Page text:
Saudi Arabia’s energy minister said the world’s biggest oil exporter sees no need to take immediate action in the crude market, signaling a cautious response to the U.S. decision to tighten sanctions on Iran.
The kingdom won’t significantly raise output in May and will stay within its OPEC production limit until the group’s current supply deal expires in June, Khalid Al-Falih said Wednesday in Riyadh. That would allow for a modest increase in production because Saudi Arabia currently pumps about 500,000 barrels a day below its quota.
“We will see what the customers want,” Al-Falih told reporters. “I think our intent is to remain within our voluntary production limit, but at the same time to be responsive to our customers, especially those who have been under waivers, and those waivers have been withdrawn.”
Riyadh is treading a fine line between keeping its key U.S. ally happy while preserving unity in the producer coalition known as OPEC+. The U.S. on Monday said it will stop issuing waivers from sanctions for countries that buy oil from Iran. To prevent a possible spike in crude prices, Washington expects Saudi Arabia and other members of the Organization of Petroleum Exporting Countries to help make up for anticipated losses in Iranian exports.
At the same time, Saudi Arabia is leading OPEC and allied producers in cutting supplies to try to buttress crude and avert a glut. If the kingdom boosts production sharply to offset missing Iranian barrels, it will have a hard time persuading others to limit output. OPEC, including Iran, plans to meet in June to decide whether to extend production curbs into the second half of the year.
“We allocated May, and the program is set — the ships are scheduled — so I think there will be very little variation in May production from the last couple of months,” Al-Falih said.
Saudi oil shipments for June will be allocated early next month, he said. “We think there will be an up-tick in real demand, but certainly we’re not going to be preemptive and increase production preemptively because the market is well-supplied and inventories continue to rise.”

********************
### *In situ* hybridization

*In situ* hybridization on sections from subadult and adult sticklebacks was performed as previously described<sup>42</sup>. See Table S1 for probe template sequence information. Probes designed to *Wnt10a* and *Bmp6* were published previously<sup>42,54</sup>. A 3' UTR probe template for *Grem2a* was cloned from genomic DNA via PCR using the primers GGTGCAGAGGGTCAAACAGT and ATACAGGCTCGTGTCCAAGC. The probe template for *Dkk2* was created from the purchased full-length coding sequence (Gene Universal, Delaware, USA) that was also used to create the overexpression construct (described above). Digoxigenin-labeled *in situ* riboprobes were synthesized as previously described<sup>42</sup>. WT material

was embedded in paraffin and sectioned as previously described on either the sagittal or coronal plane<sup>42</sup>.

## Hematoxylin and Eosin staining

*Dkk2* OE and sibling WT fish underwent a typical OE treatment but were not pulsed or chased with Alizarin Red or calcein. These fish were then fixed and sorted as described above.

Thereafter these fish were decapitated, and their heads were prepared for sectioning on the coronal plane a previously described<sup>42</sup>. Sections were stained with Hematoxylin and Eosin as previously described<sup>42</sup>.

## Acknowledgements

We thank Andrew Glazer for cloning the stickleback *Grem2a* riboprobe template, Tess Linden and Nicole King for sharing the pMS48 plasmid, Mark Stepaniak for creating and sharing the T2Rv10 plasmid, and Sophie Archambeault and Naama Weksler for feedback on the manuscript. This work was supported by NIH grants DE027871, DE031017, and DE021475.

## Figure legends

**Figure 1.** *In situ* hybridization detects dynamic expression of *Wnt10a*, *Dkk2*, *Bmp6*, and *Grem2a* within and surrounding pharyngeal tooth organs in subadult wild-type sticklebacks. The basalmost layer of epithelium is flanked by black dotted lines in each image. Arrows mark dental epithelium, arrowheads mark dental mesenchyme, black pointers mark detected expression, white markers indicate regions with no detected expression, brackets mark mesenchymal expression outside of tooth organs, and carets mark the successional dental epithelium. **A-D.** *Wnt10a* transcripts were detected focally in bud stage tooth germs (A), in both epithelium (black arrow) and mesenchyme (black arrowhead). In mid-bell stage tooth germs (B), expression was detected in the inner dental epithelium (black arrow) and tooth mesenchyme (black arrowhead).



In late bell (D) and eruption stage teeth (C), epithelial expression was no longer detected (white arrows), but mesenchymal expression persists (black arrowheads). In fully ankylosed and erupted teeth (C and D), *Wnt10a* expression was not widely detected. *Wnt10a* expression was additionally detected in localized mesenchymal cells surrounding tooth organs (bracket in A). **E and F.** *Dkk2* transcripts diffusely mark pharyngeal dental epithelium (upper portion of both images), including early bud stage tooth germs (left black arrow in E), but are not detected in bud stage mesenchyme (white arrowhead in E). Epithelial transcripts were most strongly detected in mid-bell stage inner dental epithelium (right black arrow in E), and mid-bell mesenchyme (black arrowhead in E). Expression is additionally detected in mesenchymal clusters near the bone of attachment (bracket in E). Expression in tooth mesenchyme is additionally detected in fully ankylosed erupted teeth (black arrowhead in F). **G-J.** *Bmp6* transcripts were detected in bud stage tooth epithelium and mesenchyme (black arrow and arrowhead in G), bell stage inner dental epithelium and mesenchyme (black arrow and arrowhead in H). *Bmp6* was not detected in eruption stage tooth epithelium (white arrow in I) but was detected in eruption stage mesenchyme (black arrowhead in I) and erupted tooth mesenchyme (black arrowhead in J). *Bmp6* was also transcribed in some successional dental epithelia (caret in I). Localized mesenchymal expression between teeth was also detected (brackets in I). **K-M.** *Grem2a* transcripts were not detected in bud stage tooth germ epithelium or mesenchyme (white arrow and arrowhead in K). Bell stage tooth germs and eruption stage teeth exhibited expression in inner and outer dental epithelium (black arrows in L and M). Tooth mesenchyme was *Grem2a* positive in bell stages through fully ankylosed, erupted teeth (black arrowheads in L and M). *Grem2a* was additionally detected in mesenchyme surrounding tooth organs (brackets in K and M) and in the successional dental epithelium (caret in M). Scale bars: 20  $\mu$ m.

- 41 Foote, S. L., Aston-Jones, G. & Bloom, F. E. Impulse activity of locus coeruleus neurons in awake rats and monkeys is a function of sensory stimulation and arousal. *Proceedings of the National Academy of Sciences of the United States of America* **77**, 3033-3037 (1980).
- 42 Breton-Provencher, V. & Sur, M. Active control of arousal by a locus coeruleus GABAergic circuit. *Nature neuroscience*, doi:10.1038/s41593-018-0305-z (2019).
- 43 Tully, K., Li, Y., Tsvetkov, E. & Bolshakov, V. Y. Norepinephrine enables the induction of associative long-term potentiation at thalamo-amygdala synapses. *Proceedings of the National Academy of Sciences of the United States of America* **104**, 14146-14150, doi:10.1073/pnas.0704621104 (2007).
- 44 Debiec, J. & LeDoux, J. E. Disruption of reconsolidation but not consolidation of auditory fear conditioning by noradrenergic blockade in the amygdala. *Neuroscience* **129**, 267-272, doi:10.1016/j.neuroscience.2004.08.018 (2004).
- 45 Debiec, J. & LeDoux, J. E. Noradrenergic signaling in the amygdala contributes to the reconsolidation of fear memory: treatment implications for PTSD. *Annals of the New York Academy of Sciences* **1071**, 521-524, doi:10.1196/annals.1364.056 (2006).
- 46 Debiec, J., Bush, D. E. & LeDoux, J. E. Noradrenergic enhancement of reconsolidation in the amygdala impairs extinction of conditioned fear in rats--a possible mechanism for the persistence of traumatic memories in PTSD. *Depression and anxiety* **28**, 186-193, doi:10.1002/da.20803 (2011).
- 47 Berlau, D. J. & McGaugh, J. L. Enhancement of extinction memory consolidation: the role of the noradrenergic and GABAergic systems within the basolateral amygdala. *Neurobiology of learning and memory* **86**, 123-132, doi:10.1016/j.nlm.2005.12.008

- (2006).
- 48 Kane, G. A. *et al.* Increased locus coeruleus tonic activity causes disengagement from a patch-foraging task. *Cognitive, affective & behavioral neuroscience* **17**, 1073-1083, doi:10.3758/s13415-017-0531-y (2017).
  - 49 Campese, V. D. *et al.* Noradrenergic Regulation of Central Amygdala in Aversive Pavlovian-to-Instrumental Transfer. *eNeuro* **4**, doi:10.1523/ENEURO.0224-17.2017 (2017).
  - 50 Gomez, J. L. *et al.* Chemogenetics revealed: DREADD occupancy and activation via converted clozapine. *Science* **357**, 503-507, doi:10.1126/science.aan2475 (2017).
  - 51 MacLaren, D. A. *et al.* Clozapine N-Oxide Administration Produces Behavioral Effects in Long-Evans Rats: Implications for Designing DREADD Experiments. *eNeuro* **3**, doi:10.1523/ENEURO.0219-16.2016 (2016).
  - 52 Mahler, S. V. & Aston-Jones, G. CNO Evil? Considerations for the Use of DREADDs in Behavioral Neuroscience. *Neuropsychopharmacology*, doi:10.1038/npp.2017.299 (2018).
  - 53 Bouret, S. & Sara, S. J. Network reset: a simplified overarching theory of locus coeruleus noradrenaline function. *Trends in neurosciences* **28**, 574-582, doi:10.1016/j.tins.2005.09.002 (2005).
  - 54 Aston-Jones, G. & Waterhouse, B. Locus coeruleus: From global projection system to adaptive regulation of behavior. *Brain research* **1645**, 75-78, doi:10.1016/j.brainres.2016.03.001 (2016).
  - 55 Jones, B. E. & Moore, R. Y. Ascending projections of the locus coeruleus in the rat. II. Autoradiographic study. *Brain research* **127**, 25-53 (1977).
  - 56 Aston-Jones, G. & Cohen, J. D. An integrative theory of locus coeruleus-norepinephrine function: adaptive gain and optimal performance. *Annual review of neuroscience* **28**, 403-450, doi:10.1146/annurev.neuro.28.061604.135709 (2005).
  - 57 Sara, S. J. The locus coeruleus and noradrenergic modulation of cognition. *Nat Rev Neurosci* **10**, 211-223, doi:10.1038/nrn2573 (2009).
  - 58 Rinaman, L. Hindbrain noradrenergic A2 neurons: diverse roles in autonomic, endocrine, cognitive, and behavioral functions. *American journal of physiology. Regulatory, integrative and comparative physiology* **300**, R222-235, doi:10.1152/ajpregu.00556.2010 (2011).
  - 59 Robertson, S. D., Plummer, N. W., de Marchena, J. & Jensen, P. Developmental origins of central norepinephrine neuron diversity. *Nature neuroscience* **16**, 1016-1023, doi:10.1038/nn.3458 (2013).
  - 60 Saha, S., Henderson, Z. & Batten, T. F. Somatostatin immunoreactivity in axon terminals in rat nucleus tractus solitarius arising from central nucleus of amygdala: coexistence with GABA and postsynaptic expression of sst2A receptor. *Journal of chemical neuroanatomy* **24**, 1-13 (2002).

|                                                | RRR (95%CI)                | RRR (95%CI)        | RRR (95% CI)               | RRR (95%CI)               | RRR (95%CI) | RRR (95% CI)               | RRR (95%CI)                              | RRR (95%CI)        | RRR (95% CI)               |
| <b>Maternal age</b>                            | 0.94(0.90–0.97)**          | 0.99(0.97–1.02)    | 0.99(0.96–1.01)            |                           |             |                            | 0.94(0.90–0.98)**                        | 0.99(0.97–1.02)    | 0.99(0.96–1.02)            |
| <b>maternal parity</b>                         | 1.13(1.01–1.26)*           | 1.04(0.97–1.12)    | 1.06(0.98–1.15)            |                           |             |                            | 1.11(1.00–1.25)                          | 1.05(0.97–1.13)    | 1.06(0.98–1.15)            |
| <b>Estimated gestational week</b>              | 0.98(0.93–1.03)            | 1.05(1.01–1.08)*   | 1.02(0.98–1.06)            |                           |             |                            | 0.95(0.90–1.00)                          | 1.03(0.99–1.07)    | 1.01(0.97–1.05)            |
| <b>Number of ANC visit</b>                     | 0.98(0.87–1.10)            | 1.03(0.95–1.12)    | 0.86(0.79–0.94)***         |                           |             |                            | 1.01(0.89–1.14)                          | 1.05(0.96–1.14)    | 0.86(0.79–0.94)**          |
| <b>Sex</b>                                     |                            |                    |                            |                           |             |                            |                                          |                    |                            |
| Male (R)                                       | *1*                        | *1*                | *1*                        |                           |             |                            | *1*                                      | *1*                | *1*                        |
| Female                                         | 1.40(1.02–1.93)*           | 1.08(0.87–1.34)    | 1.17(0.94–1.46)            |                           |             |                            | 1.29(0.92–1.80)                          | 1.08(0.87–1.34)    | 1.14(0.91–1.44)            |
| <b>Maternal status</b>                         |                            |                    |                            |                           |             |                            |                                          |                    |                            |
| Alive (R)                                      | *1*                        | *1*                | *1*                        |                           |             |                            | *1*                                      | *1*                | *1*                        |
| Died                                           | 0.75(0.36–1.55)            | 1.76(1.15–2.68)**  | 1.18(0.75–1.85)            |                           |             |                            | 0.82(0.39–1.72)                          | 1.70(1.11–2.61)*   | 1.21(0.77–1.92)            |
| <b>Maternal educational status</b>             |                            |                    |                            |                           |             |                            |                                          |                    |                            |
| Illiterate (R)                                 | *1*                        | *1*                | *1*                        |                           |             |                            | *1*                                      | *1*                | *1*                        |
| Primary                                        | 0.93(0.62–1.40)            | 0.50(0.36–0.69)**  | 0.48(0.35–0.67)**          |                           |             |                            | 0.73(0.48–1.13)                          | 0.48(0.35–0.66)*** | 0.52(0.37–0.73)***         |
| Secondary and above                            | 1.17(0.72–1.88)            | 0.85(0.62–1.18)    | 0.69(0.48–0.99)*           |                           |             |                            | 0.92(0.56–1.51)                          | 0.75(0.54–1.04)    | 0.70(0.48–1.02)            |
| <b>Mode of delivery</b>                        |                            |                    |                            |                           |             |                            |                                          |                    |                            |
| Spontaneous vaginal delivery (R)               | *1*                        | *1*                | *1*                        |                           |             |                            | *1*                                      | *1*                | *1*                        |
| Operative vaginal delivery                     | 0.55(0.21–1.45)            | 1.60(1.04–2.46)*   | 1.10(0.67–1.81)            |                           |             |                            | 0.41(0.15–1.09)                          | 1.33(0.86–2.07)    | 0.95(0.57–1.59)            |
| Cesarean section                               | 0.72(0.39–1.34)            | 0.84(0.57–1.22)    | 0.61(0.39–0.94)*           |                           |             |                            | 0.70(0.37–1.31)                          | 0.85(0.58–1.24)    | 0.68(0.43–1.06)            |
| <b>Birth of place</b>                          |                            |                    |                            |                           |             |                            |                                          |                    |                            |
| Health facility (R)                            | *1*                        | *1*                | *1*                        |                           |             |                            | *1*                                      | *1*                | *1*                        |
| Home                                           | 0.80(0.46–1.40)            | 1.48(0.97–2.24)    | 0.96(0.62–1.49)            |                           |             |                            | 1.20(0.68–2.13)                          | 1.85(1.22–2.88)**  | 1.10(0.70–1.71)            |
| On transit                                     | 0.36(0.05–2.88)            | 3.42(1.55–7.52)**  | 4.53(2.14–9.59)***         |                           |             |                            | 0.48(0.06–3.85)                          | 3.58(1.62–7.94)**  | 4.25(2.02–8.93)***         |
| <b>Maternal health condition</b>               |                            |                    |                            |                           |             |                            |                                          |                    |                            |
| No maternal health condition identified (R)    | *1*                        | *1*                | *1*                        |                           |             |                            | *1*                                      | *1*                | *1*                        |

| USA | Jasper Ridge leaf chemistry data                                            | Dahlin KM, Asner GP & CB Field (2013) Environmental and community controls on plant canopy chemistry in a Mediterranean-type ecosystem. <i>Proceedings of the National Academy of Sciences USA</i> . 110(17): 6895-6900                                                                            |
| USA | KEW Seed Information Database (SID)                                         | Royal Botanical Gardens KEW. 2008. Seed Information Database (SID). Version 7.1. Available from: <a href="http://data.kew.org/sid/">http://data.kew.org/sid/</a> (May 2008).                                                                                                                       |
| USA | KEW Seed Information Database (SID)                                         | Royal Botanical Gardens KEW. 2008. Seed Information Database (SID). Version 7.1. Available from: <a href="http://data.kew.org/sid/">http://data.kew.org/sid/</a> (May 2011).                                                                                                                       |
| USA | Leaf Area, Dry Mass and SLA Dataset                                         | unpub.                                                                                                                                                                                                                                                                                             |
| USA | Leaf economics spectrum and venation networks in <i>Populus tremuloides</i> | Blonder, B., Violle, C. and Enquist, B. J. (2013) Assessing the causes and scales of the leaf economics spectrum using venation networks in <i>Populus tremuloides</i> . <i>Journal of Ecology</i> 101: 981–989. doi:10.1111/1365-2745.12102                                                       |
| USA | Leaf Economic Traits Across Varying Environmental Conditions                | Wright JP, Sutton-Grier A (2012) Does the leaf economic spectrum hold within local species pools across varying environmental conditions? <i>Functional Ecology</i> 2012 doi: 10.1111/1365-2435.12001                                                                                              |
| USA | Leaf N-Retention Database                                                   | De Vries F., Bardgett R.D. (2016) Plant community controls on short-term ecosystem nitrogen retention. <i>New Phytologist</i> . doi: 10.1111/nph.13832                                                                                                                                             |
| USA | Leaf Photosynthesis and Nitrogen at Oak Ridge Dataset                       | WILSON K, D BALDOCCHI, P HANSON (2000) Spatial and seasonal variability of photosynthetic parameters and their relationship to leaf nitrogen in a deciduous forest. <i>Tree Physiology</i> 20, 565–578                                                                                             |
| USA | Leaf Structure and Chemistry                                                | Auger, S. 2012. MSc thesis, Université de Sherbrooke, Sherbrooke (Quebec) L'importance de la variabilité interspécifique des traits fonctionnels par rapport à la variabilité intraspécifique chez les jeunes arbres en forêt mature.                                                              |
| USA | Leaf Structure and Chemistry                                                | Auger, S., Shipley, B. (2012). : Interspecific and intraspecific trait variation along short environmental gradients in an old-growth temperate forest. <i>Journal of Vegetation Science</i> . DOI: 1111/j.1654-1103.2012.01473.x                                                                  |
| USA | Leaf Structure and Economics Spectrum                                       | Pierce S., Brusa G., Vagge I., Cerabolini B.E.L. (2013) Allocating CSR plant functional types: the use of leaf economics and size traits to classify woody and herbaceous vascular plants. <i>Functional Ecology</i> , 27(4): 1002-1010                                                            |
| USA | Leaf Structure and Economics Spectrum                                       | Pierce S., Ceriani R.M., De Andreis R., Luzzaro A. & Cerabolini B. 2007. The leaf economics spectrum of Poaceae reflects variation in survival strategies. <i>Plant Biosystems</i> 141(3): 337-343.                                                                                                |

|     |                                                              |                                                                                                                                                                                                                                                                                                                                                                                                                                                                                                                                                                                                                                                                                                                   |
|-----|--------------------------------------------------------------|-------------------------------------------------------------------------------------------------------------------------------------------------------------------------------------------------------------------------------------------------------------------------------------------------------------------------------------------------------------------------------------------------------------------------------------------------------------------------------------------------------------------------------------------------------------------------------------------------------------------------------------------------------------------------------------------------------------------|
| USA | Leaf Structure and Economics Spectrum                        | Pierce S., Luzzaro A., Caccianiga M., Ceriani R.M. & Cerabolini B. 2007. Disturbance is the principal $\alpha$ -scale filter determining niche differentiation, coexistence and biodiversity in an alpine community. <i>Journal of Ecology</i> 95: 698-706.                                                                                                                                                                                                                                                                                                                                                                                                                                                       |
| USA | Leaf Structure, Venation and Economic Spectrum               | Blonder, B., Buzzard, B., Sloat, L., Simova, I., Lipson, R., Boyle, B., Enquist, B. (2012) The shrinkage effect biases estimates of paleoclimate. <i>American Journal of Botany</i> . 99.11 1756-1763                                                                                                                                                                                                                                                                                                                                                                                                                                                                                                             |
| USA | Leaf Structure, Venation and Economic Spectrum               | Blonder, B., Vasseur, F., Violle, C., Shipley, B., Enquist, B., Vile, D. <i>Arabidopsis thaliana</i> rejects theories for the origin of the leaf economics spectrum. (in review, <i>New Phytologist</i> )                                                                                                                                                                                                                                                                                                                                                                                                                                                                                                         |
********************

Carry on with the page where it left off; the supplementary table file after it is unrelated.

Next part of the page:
Any nation continuing to buy Iranian oil will face U.S. sanctions, Secretary of State Michael Pompeo said Monday after announcing that temporary waivers granted to some countries late last year won’t be renewed. The current set of waivers — issued to China, Greece, India, Italy, Japan, South Korea, Taiwan and Turkey — are to expire on May 2.
The U.S. announcement marked a reversal from last November, when Washington blindsided Saudi Arabia by granting the waivers as it sought to damp fuel prices ahead of mid-term Congressional elections. This week’s decision is aimed at reducing Iran’s oil exports to zero, in an effort to pressure the country over its regional policies and nuclear program.
Iranian President Hassan Rouhani said it will be “impossible” for the U.S. to completely stop his nation from selling oil. Iran would consider negotiations to resolve the issue, though away from pressure and in a context of “mutual respect,” he said at a cabinet meeting, according to the state-run Mehr news agency.
“First we need to make the U.S. regretful, and have no choice but to resist,” Rouhani said.
Pompeo has said he’s confident the market will remain stable as Saudi Arabia and the United Arab Emirates — Iran’s top regional foes — will help ensure an appropriate supply of oil.
Turkey, however, is loath to buy more crude from either Arab nation. “Iranian oil isn’t cheap, but there is a big difference” with the prices of Saudi and U.A.E crude, Turkish Foreign Minister Mevlut Cavusoglu said at a reception in Ankara, according to state-run TRT television. “The U.S. is taking a decision and wants all countries to comply with it. Why should we pay the price?”
Saudi Arabia and the U.A.E. can increase their combined production by about 1.5 million barrels a day within a short period, according to people with knowledge of the matter. The additional oil would more than compensate for losses from Iran, which shipped about 1.1 million barrels a day in the first half of April, data compiled by Bloomberg show.
“We will not leave our customers scrambling,” Al-Falih said. “We make sure globally, at a global level, that oil markets are in balance.”